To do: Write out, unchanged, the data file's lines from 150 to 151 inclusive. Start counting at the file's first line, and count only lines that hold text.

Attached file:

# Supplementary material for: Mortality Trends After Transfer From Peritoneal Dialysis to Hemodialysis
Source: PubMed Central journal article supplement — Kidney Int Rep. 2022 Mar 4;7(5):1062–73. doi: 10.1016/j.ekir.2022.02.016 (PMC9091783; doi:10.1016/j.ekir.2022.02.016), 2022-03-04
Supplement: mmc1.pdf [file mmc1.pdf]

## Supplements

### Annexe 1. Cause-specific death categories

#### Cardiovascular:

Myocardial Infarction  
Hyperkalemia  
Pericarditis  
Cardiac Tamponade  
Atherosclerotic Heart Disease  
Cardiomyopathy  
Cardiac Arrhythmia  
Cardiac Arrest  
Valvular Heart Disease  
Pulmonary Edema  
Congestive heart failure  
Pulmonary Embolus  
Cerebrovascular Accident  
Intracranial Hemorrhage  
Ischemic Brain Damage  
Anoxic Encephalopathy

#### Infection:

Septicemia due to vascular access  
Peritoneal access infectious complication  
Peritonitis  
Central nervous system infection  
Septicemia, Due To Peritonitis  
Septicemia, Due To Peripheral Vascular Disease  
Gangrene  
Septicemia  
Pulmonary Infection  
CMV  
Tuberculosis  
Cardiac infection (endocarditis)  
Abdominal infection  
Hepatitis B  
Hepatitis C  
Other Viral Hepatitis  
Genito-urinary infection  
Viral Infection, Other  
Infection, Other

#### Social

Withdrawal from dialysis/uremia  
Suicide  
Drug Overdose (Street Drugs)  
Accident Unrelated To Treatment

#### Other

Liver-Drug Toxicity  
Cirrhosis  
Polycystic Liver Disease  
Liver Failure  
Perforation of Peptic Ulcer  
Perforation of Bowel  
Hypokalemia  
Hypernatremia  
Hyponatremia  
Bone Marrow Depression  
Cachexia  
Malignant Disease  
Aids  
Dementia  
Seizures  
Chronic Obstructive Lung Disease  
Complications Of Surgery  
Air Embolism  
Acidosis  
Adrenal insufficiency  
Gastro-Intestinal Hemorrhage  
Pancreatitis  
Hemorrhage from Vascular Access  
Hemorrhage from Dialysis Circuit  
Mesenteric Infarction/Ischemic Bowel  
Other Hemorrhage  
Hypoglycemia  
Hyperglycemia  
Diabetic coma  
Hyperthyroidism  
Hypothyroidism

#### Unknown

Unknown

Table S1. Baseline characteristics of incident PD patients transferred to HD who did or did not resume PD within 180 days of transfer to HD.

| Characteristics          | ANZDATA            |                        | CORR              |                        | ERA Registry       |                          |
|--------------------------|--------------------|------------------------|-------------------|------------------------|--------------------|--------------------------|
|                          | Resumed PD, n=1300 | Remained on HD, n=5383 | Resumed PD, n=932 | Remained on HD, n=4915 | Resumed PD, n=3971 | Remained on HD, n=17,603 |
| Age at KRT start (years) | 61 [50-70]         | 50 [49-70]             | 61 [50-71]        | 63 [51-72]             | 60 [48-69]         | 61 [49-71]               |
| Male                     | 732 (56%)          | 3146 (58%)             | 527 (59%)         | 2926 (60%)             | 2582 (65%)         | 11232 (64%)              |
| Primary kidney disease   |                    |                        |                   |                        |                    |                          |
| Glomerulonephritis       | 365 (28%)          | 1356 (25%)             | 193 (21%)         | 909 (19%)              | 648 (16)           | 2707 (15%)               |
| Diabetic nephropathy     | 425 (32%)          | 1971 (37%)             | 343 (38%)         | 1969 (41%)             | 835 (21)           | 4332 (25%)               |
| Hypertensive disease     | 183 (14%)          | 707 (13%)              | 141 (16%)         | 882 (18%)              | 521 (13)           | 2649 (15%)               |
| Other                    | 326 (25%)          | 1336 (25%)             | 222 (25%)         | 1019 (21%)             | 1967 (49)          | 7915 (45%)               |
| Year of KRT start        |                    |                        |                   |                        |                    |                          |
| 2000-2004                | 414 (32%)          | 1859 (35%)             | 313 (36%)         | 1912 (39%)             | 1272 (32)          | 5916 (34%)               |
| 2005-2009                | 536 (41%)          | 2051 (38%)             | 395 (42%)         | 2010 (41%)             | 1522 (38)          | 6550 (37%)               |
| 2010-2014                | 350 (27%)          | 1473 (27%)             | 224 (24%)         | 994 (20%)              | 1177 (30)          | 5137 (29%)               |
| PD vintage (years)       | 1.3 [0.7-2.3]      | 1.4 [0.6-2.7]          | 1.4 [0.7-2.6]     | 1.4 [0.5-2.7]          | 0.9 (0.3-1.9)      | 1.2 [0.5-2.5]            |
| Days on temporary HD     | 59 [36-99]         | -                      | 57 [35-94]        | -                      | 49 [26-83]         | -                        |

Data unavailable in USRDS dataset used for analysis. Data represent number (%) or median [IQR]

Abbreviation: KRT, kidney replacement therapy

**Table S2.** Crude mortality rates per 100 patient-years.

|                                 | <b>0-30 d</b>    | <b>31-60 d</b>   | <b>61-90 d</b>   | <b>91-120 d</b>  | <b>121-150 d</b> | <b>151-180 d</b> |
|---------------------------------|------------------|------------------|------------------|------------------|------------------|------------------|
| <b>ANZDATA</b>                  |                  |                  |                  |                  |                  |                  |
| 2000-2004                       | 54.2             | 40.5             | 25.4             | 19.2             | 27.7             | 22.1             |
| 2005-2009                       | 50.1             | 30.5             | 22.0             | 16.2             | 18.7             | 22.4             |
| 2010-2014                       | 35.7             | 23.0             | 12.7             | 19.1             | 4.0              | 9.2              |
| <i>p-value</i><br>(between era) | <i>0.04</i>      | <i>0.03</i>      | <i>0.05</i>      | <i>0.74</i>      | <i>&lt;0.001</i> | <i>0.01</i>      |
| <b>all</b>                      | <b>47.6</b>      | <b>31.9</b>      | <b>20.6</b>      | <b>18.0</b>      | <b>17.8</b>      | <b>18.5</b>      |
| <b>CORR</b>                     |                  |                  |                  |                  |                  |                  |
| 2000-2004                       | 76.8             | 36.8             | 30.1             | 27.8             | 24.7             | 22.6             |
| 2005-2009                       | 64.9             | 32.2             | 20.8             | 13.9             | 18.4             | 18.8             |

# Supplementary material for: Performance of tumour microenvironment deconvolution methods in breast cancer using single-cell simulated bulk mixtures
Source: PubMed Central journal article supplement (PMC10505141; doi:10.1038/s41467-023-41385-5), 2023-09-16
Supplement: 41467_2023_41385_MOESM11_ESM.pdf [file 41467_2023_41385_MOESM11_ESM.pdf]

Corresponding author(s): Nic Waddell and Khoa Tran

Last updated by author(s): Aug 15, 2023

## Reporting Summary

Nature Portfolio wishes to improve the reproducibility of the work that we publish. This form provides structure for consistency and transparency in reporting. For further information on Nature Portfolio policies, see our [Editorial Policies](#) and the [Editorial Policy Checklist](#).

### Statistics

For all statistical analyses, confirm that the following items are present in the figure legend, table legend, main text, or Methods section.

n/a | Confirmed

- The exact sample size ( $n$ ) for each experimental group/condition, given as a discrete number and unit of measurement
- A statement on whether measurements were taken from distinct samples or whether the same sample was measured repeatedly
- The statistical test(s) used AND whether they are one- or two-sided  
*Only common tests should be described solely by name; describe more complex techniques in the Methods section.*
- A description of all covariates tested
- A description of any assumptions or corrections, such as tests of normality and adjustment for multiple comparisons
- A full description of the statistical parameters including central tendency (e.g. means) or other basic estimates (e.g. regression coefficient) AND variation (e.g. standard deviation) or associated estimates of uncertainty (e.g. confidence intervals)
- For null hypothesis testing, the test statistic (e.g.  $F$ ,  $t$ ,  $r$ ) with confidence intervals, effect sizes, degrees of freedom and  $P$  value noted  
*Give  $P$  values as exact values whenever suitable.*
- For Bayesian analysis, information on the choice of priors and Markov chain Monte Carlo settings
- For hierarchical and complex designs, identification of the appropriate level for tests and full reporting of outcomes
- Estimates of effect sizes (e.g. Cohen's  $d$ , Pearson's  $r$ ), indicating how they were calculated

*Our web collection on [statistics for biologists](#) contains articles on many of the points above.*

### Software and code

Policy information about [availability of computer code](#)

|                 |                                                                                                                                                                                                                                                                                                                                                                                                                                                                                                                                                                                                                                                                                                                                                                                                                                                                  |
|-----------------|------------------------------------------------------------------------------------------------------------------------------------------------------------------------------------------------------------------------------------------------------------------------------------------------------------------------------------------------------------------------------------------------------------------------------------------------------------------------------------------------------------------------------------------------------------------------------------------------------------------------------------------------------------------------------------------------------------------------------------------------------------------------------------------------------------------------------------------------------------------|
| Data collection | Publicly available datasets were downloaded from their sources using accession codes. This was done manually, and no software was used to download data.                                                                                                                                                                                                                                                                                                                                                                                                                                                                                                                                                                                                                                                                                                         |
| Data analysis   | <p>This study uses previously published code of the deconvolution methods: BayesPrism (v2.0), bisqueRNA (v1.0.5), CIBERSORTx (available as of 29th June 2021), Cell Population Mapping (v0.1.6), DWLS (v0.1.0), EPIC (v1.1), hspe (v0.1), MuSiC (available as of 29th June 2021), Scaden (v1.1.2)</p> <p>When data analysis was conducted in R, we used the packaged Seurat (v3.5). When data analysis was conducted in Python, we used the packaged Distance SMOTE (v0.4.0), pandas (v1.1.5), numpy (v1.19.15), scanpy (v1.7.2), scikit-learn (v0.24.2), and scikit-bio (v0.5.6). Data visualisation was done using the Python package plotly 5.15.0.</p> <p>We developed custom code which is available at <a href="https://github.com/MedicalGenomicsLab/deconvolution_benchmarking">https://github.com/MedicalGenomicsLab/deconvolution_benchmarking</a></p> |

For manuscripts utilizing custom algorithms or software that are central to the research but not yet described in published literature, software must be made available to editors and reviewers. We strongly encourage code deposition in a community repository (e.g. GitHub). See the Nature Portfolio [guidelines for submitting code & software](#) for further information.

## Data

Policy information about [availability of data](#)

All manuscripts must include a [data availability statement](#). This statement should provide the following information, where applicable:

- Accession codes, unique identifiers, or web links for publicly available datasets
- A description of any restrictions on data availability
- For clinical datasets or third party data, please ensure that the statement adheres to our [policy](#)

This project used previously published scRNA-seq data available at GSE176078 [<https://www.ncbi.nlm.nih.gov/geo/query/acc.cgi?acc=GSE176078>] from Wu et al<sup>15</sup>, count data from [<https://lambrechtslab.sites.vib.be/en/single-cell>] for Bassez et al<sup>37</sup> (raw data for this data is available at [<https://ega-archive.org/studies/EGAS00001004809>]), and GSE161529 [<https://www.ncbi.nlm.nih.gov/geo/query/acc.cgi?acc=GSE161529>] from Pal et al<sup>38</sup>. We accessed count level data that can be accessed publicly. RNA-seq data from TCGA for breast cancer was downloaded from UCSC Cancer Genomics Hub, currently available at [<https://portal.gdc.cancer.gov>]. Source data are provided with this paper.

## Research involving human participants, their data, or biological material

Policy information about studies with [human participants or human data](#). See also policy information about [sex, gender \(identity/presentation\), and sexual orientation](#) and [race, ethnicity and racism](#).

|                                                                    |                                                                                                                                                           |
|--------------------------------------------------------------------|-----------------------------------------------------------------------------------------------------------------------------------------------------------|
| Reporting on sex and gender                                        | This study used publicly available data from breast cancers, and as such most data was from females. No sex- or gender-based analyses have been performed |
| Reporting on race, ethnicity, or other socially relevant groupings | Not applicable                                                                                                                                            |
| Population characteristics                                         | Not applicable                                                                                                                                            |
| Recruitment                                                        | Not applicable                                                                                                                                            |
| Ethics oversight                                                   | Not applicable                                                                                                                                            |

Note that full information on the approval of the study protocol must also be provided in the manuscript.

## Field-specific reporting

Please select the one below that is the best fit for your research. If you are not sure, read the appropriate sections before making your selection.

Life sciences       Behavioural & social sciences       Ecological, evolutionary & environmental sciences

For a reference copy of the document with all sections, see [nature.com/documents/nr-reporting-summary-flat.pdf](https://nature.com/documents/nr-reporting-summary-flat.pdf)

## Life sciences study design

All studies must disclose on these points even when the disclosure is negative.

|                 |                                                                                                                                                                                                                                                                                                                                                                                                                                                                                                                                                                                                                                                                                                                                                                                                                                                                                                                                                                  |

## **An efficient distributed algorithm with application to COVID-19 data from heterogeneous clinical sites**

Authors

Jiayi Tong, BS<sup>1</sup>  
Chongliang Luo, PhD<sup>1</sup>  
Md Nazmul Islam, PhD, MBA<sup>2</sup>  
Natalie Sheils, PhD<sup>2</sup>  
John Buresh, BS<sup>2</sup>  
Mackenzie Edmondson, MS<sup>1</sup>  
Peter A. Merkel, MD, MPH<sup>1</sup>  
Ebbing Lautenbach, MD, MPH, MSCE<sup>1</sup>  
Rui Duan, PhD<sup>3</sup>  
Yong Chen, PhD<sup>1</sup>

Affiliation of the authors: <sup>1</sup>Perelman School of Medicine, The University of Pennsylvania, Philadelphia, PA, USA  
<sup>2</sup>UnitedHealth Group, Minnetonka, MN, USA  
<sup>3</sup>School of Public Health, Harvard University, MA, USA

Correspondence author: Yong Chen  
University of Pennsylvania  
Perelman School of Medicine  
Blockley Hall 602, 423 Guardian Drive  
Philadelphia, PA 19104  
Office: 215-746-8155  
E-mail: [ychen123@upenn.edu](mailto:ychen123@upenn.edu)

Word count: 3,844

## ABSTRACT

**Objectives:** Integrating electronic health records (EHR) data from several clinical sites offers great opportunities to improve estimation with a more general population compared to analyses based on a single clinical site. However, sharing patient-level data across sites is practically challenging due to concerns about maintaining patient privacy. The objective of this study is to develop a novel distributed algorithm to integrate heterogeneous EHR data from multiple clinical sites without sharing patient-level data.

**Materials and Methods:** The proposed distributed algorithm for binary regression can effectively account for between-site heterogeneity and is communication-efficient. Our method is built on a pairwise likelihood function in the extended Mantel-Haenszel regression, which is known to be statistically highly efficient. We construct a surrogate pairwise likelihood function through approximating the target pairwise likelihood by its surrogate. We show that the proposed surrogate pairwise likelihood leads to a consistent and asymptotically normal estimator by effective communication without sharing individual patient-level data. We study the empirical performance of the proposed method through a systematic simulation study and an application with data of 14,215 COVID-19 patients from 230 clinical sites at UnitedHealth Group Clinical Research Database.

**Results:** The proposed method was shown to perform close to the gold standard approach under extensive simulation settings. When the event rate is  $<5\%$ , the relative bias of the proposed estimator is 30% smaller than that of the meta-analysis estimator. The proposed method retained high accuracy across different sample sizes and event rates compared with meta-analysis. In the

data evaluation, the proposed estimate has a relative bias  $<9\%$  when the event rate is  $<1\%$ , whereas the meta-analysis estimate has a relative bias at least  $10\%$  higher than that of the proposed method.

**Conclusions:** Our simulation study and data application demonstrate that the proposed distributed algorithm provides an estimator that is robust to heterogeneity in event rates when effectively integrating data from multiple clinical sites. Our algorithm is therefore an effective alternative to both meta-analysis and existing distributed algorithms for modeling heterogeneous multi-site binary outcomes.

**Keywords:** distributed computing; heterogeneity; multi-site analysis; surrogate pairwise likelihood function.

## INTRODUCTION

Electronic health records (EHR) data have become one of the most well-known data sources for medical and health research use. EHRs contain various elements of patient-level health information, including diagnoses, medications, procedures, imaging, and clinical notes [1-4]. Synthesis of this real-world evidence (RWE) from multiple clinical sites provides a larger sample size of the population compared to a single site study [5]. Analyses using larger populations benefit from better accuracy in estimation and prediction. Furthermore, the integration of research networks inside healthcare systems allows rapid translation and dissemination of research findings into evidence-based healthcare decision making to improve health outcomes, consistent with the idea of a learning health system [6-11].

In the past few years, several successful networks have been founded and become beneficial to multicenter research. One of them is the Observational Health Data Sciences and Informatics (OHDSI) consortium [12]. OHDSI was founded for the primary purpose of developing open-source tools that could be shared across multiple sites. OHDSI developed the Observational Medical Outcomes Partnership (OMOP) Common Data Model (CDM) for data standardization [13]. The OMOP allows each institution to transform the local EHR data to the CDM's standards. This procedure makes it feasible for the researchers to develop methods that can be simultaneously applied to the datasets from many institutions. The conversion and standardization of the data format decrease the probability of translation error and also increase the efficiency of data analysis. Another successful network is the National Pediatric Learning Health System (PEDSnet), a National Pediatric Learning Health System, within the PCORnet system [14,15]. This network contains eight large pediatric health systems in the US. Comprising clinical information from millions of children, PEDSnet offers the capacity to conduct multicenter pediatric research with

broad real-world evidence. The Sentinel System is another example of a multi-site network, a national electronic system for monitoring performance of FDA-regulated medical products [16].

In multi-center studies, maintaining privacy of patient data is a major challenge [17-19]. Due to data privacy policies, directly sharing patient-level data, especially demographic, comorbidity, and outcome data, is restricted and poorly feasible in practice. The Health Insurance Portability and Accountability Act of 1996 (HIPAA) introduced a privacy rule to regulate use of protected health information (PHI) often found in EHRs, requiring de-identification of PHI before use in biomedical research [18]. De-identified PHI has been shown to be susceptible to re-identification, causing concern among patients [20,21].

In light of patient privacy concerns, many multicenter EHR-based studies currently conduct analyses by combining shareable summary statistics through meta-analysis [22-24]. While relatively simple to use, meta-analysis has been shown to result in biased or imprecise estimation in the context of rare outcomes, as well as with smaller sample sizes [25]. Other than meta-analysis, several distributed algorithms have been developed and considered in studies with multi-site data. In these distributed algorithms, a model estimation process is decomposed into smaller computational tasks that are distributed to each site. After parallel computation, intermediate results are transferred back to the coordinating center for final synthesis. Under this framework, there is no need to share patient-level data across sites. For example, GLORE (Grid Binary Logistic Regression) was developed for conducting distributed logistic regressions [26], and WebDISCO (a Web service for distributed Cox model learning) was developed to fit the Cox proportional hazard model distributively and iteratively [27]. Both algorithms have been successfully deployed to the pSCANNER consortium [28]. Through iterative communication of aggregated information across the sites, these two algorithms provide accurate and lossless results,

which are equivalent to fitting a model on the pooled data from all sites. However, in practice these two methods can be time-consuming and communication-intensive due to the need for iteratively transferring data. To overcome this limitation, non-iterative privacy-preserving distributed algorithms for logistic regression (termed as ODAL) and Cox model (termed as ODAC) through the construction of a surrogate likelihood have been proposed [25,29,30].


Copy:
## Research involving human participants, their data, or biological material

Policy information about studies with [human participants or human data](#). See also policy information about [sex, gender \(identity/presentation\), and sexual orientation](#) and [race, ethnicity and racism](#).